This image has been modified. Click for full-size image.

I also had the opportunity to photograph a Portland Sea Dogs minor league baseball game. The cloudy evening conditions and 6pm first pitch allowed me to put the D5's low-light performance to the test and it performed very well.

Even in conditions requiring high ISO speeds, the Nikon D5 handled very well and produced a lot of really nice images. The in-camera high ISO processing and noise reduction didn't slow the camera down at all and its high ISO performance was generally very good.

400mm (Nikon 400mm f/2.8G IF-ED AF-S VR), f/2.8, 1/8000s, ISO 40000, -0.3 EV. While this image wouldn't look good printed at a very large size, this is still a very impressive image quality for having been shot at ISO 40,000. The colors are a little washed out, but the image still has good contrast and pretty decent sharpness when viewed at less than 100%.
This image has been modified. Click for full-size image.

I did find that the automatic white balance metering struggled slightly with the stadium lighting and images can get a bit washed out at higher ISOs, but other than that, I was very impressed with its performance.

In both cases of shooting baseball, the strong performance of the EXPEED 5 image processing engine and value of the XQD card became apparent. Firing off a large burst of images at 12fps and being able to view them on the display immediately after you finish capturing the images is impressive.

In the field: Unpredictable wildlife is no problem for the Nikon D5

While not necessarily as demanding as sports photography, wildlife photography presents a different set of challenges. I don't have much control over where subjects are and they can often be much smaller in the frame, particularly birds.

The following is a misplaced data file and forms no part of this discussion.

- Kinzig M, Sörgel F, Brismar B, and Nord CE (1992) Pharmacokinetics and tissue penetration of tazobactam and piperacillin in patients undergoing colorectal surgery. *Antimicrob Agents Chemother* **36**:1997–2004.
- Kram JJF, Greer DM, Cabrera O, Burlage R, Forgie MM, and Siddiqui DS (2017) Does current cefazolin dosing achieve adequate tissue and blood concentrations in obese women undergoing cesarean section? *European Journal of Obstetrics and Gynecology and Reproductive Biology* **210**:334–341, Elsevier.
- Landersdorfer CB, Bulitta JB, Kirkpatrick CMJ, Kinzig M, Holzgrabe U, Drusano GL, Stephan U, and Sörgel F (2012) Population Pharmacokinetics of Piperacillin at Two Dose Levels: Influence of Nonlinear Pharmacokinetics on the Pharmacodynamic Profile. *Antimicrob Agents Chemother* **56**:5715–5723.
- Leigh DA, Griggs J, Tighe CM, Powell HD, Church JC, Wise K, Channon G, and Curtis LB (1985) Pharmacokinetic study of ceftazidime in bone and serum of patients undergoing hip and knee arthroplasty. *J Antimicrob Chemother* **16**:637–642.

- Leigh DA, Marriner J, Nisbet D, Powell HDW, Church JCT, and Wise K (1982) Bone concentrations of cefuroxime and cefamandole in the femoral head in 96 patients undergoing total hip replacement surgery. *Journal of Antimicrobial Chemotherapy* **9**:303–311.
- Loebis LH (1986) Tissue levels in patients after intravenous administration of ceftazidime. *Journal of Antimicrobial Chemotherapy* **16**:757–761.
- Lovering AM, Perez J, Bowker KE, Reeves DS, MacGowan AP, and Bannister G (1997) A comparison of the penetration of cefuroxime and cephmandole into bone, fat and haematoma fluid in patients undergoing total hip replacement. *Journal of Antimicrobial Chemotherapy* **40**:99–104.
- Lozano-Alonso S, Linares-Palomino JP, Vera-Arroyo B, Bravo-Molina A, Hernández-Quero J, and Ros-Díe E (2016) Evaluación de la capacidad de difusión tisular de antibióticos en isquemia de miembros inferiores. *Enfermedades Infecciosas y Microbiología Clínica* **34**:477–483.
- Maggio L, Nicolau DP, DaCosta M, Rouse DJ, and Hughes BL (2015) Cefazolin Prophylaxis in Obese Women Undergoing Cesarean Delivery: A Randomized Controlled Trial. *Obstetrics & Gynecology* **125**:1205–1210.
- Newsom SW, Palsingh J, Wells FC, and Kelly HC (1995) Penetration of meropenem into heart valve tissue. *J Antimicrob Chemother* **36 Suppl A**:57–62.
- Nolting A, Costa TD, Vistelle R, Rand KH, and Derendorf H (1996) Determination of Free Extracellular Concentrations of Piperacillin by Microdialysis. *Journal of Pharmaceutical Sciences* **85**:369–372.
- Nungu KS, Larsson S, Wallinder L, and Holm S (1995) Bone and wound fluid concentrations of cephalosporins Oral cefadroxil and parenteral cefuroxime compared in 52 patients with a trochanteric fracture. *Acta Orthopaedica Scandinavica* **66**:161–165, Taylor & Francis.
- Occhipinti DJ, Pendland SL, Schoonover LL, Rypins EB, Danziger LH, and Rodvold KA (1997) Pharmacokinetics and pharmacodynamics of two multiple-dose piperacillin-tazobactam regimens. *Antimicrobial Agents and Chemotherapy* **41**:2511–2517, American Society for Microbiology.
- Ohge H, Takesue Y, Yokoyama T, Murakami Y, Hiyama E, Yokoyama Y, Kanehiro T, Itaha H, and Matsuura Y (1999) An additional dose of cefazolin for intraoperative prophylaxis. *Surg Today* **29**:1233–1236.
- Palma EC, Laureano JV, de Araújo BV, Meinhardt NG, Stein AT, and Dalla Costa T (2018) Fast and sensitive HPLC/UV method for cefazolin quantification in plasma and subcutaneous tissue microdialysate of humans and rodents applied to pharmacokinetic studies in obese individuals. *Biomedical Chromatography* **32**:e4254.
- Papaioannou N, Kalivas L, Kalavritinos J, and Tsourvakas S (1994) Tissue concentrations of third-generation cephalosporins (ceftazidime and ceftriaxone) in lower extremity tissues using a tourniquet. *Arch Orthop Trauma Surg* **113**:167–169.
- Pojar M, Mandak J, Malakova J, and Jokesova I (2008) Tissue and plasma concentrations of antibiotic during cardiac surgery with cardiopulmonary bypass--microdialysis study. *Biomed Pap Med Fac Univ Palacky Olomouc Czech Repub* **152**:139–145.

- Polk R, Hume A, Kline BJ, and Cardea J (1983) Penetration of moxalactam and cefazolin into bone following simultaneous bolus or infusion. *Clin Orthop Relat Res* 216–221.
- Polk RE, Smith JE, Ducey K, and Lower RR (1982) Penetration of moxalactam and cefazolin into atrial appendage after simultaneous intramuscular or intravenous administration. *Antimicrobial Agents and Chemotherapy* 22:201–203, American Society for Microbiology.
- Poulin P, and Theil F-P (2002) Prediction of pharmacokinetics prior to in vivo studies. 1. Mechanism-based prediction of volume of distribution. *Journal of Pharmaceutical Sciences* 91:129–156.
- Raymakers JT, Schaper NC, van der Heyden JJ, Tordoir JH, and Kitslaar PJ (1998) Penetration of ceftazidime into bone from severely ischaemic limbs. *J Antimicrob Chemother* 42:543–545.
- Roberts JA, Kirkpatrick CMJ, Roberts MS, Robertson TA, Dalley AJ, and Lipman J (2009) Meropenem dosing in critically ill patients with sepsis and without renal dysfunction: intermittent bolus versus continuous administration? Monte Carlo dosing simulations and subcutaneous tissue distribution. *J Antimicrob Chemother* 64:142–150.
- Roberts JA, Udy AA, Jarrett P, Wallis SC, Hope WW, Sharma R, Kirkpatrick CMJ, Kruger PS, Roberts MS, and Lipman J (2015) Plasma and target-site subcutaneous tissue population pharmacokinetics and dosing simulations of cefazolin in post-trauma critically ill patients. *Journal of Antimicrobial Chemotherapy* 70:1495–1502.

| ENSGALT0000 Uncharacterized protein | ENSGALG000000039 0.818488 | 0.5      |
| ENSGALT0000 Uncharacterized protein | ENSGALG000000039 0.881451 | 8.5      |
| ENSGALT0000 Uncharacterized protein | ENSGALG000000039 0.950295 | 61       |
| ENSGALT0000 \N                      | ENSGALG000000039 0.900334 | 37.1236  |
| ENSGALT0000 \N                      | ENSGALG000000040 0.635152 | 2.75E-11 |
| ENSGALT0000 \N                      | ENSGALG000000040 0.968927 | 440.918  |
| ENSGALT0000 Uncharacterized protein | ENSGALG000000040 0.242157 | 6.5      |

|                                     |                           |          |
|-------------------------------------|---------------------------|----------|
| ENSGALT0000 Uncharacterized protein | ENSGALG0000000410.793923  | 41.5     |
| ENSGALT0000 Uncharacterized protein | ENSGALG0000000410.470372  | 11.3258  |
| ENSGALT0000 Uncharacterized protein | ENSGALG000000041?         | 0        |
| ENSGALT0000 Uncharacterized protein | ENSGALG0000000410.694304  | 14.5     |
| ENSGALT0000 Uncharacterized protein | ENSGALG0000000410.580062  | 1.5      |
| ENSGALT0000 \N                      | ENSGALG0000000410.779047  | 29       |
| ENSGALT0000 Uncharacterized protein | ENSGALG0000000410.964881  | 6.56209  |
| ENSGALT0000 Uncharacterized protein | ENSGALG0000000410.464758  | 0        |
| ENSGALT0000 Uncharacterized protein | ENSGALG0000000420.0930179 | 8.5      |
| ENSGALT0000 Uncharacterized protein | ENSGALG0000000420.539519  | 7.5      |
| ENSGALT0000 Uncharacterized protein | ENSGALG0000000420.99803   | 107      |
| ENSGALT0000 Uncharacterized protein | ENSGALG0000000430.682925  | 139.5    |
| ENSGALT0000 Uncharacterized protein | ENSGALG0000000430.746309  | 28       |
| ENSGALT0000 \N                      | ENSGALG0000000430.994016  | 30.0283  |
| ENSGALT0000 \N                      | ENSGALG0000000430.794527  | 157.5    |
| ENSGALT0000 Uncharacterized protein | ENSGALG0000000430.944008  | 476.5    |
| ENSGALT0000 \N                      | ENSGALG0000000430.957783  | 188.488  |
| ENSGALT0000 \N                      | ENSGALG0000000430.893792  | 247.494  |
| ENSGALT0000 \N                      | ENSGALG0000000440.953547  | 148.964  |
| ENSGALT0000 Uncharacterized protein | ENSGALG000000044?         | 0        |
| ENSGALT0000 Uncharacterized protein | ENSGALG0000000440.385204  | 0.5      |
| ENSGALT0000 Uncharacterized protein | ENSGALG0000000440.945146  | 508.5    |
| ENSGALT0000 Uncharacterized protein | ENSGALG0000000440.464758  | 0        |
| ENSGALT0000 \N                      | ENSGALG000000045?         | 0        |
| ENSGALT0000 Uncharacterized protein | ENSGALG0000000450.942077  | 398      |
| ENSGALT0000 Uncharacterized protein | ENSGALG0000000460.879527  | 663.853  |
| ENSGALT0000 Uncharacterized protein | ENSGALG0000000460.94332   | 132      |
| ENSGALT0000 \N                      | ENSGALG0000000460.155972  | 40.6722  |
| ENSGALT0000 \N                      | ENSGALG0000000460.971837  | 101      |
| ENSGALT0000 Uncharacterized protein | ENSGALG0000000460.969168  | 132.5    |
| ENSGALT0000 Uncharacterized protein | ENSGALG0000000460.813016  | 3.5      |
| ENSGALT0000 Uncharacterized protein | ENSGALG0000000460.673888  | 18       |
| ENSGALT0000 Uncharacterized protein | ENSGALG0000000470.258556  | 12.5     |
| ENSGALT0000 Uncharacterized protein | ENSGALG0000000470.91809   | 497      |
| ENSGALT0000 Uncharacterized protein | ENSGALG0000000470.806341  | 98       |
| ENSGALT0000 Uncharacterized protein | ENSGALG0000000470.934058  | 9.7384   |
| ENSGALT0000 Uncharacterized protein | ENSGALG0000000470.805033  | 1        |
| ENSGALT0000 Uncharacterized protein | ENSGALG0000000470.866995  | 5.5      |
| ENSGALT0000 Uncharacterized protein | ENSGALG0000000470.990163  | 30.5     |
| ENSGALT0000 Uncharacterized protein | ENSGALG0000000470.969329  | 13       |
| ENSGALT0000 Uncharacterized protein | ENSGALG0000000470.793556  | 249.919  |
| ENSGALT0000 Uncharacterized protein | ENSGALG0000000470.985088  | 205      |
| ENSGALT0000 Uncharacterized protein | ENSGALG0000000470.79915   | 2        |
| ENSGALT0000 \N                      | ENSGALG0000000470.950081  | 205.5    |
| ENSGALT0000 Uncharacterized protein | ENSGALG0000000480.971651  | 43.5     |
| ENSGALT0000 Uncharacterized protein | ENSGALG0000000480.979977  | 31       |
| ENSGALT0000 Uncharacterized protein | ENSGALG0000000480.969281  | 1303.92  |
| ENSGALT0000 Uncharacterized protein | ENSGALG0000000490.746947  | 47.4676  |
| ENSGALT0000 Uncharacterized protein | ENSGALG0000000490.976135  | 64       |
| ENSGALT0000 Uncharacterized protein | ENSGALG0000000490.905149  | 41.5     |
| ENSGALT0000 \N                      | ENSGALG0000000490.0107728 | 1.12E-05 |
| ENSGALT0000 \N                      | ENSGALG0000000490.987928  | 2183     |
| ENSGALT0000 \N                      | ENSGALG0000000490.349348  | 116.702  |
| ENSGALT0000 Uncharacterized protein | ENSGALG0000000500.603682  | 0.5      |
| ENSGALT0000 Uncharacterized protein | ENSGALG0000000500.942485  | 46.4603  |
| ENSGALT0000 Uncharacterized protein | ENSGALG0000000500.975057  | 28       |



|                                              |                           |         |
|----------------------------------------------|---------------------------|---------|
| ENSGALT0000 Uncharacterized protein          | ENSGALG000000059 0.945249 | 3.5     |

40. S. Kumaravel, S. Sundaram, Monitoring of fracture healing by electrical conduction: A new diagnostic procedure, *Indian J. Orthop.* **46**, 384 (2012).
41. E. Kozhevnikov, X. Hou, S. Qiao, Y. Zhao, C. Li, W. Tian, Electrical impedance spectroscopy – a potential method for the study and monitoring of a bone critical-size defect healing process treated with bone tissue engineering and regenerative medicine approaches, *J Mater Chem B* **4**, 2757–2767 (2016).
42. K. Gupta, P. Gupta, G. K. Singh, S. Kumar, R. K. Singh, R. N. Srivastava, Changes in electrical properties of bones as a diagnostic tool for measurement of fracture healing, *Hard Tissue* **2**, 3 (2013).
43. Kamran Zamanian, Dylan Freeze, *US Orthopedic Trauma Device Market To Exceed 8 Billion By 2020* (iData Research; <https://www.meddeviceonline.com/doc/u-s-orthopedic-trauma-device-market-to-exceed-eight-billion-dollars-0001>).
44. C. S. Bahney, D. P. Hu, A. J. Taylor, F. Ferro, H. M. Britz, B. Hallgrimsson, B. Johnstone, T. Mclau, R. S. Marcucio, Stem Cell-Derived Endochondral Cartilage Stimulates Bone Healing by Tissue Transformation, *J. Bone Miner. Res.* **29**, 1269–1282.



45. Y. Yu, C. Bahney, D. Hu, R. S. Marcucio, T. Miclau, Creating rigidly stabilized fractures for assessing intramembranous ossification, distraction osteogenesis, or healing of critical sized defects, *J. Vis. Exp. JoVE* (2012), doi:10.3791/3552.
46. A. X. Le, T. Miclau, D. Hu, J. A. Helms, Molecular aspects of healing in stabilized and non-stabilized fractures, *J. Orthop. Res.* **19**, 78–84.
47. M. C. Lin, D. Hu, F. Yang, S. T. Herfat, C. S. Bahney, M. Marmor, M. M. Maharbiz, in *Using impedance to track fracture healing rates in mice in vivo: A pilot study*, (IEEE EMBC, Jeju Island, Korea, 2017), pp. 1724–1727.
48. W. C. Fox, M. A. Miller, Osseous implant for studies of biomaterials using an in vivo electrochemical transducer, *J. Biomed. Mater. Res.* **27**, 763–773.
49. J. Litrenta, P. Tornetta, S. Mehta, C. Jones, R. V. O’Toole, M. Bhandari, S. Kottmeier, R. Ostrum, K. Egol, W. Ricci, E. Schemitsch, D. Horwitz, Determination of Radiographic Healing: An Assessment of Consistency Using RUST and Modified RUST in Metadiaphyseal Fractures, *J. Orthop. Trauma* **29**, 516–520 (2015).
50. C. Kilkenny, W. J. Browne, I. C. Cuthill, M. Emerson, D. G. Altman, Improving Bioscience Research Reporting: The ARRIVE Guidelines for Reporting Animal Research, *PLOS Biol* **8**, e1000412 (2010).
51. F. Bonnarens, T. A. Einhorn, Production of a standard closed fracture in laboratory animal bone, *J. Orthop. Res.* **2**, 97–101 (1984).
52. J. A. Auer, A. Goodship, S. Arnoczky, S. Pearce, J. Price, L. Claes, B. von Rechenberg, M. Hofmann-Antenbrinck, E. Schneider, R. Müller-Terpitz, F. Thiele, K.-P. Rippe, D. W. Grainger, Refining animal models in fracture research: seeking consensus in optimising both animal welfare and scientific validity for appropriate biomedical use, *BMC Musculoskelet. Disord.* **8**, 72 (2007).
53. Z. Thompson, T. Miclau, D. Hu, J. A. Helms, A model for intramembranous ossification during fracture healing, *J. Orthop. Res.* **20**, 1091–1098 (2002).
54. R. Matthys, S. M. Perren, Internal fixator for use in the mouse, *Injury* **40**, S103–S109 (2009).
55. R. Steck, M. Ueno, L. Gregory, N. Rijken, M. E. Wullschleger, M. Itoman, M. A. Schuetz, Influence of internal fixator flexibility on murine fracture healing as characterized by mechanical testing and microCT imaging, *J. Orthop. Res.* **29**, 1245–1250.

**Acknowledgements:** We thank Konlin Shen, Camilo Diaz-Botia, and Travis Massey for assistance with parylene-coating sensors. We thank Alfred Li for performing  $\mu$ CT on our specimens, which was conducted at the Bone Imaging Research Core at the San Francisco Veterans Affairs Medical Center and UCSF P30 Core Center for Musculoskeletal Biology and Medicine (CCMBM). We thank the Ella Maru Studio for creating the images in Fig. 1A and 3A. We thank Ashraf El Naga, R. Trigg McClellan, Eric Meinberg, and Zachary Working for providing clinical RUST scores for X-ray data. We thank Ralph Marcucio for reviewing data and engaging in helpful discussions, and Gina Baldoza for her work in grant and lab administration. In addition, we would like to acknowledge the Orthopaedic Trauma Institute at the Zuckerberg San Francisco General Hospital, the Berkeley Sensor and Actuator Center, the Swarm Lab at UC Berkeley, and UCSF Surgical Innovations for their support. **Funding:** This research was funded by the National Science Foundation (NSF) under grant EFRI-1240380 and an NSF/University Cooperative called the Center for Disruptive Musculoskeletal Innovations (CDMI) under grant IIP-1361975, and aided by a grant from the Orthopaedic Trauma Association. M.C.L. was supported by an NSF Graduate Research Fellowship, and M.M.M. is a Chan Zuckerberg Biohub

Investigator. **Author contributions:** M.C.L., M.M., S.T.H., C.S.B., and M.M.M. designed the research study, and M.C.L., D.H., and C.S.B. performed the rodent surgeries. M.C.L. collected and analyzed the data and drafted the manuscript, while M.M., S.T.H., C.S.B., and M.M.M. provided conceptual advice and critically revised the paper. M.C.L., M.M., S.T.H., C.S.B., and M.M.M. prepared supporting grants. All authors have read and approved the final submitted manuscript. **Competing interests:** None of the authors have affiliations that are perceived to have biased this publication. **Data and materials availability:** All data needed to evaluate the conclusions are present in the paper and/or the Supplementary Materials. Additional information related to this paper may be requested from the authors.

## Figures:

500mm (Nikon 200-500mm f/5.6E ED VR AF-S lens), f/5.6, 1/500s, ISO 360.
Click for full-size image.

A small subject can often present challenges for an autofocus system as it can quickly lose focus on the subject and then focus on the background, but this didn't happen very often with the Nikon D5. When it did, it was able to reacquire focus on the selected point quite quickly.

Photographing small birds, especially on a full-frame sensor, often requires the use of teleconverters on long lenses. This is where all 153 autofocus points being compatible with f/5.6 lenses comes in particularly handy, as my 400mm f/2.8G lens with a 2x teleconverter becomes an 800mm f/5.6 equivalent lens. Even with the 2x teleconverter on the 400mm lens, the D5 autofocused very well and quite quickly across the entire frame.